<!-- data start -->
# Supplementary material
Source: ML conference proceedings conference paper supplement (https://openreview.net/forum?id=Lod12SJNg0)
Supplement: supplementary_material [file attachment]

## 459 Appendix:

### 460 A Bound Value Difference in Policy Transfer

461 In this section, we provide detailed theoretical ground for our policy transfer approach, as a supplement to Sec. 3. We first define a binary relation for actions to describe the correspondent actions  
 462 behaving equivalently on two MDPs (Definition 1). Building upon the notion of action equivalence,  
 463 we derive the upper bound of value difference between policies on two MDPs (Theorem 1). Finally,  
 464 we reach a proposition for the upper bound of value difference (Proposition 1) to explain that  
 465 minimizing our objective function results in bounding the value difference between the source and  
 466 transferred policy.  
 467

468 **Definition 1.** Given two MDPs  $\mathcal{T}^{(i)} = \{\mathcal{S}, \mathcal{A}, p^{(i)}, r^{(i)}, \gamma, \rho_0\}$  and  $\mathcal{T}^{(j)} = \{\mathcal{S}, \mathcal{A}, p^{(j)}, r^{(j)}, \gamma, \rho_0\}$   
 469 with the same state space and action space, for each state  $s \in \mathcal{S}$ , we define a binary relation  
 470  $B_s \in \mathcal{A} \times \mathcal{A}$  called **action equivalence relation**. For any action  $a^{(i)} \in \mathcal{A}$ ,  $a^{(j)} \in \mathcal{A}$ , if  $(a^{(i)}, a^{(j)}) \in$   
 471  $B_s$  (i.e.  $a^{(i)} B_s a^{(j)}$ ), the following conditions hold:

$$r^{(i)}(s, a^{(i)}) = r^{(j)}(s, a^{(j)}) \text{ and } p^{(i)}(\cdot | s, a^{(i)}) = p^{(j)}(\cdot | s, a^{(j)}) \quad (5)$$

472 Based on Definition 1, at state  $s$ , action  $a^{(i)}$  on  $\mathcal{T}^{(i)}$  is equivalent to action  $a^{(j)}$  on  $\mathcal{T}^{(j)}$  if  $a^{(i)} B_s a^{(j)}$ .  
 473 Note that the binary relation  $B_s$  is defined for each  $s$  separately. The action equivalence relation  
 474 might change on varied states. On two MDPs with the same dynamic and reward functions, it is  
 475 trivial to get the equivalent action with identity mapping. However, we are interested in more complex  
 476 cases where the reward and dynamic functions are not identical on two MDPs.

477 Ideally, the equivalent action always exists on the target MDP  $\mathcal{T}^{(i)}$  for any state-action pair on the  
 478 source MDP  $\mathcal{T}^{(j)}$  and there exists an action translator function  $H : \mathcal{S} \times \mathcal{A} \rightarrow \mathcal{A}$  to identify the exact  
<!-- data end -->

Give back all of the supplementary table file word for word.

# Supplementary material
Source: ML conference proceedings conference paper supplement (https://openreview.net/forum?id=Lod12SJNg0)
Supplement: supplementary_material [file attachment]

## 459 Appendix:

### 460 A Bound Value Difference in Policy Transfer

461 In this section, we provide detailed theoretical ground for our policy transfer approach, as a supplement to Sec. 3. We first define a binary relation for actions to describe the correspondent actions  
 462 behaving equivalently on two MDPs (Definition 1). Building upon the notion of action equivalence,  
 463 we derive the upper bound of value difference between policies on two MDPs (Theorem 1). Finally,  
 464 we reach a proposition for the upper bound of value difference (Proposition 1) to explain that  
 465 minimizing our objective function results in bounding the value difference between the source and  
 466 transferred policy.  
 467

468 **Definition 1.** Given two MDPs  $\mathcal{T}^{(i)} = \{\mathcal{S}, \mathcal{A}, p^{(i)}, r^{(i)}, \gamma, \rho_0\}$  and  $\mathcal{T}^{(j)} = \{\mathcal{S}, \mathcal{A}, p^{(j)}, r^{(j)}, \gamma, \rho_0\}$   
 469 with the same state space and action space, for each state  $s \in \mathcal{S}$ , we define a binary relation  
 470  $B_s \in \mathcal{A} \times \mathcal{A}$  called **action equivalence relation**. For any action  $a^{(i)} \in \mathcal{A}$ ,  $a^{(j)} \in \mathcal{A}$ , if  $(a^{(i)}, a^{(j)}) \in$   
 471  $B_s$  (i.e.  $a^{(i)} B_s a^{(j)}$ ), the following conditions hold:

$$r^{(i)}(s, a^{(i)}) = r^{(j)}(s, a^{(j)}) \text{ and } p^{(i)}(\cdot | s, a^{(i)}) = p^{(j)}(\cdot | s, a^{(j)}) \quad (5)$$

472 Based on Definition 1, at state  $s$ , action  $a^{(i)}$  on  $\mathcal{T}^{(i)}$  is equivalent to action  $a^{(j)}$  on  $\mathcal{T}^{(j)}$  if  $a^{(i)} B_s a^{(j)}$ .  
 473 Note that the binary relation  $B_s$  is defined for each  $s$  separately. The action equivalence relation  
 474 might change on varied states. On two MDPs with the same dynamic and reward functions, it is  
 475 trivial to get the equivalent action with identity mapping. However, we are interested in more complex  
 476 cases where the reward and dynamic functions are not identical on two MDPs.

477 Ideally, the equivalent action always exists on the target MDP  $\mathcal{T}^{(i)}$  for any state-action pair on the  
 478 source MDP  $\mathcal{T}^{(j)}$  and there exists an action translator function  $H : \mathcal{S} \times \mathcal{A} \rightarrow \mathcal{A}$  to identify the exact  